The First Circuit Court of Appeals has affirmed the dismissal for failure to plead fraud with specificity of a qui tam action against a pharmaceutical company alleging violations of the False Claims Act. The State of Rhode Island was one of the governments on behalf of which plaintiff purported to file suit.
Plaintiff worked for defendant as a contract physician performing medical reviews of adverse event reports with respect to four drugs. She alleges that she was terminated when she complained that defendant was improperly reporting adverse events to the Food and Drug Administration. After plaintiff had twice amended her complaint, defendant moved to dismiss arguing that plaintiff had failed to allege fraud with specificity as required under F.R.C.P. 9(b). Defendant argued that plaintiff had failed to identify any particular claim that was rendered “false” as a result of the alleged improper reporting of adverse events. Plaintiff objected in part by presenting a declaration by one of her attorneys as to the total amount the federal government had expended for one of the drugs. In a footnote in her objection, plaintiff also requested permission to amend her complaint a third time. The district court granted the motion to dismiss. Following the entry of judgment, plaintiff moved for reconsideration and to amend her complaint. The district court denied those motions and plaintiff appealed.
Quoting its earlier opinion, United States ex rel Karvelas v. Melrose-Wakefield Hospital, 360 F.3d 220 (1st Cir. 2004), the First Circuit said in such cases the “relator must provide details that identify particular false claims for payment that were submitted to the government.” The details could include the dates of the claims, their identification numbers, the content of the bills submitted, the individuals involved in the billing, and the temporal relationship between the alleged fraudulent conduct and the submission of claims. In an action in which defendant is alleged to have induced third parties to file false claims, the relator can satisfy the requirement with “factual or statistical evidence to strengthen the inference of fraud beyond possibility without necessarily providing details as to each false claim.”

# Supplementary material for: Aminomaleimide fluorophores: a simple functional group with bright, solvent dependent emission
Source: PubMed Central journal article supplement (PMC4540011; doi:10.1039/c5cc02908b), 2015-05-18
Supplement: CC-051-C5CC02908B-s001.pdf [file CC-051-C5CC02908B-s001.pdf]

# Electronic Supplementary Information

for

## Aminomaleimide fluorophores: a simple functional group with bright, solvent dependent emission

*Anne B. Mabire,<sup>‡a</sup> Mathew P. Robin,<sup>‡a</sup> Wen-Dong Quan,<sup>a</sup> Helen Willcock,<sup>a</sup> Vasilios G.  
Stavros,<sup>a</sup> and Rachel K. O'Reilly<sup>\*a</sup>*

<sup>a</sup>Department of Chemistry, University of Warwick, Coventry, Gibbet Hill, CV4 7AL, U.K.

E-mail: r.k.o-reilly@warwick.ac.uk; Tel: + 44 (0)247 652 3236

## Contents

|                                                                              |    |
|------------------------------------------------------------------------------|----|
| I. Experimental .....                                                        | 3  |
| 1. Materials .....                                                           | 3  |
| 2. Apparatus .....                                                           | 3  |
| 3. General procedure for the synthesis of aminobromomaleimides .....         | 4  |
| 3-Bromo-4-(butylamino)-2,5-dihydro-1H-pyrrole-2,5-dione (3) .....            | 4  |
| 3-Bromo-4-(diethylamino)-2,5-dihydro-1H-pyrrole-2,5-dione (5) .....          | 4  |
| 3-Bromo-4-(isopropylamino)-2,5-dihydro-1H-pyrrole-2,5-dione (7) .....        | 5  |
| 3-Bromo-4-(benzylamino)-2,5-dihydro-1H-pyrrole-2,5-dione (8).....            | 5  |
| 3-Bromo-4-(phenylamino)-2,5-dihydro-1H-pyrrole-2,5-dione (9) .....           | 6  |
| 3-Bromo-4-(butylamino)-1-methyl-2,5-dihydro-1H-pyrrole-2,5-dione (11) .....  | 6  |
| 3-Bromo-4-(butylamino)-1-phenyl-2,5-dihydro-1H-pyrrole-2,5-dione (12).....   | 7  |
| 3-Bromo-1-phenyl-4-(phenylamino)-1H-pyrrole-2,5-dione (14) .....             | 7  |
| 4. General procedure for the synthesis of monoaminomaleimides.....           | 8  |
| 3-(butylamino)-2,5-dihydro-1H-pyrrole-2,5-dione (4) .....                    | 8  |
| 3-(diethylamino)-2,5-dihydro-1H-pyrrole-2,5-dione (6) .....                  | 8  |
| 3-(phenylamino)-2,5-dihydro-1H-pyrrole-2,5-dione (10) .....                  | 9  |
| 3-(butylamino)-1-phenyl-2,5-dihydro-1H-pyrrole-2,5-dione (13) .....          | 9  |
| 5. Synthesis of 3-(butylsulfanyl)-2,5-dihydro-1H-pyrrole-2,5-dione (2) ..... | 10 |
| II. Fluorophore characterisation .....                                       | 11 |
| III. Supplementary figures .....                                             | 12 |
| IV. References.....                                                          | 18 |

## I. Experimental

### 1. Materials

The First Circuit said it was undisputed that defendant did submit adverse event reports to the FDA and that was no specific allegation that any of the events were not eventually reported. It held plaintiff had failed to set forth allegations as to which claims to the government were rendered false by improper reporting. The Court rejected a “per se rule” that if allegations of improper reporting are set forth all claims made were false.
The Court rejected plaintiff’s argument that the district court abused its discretion by failing to grant her suggestion in her objection that she be allowed to amend if the court was inclined to grant the motion. The First Circuit said this request did not constitute a motion to amend. It also rejected her argument that the district court should have granted her post-judgment motion to amend the complaint a third time. It said there was no abuse of discretion where the district court had denied the motion for reconsideration.
United States ex rel Helen Ge, M.D. v. Takeda Pharmaceutical Co., Ltd. Nos. 13-1088 and 13-1089, slip op., (1st Cir. Dec. 6, 2013)
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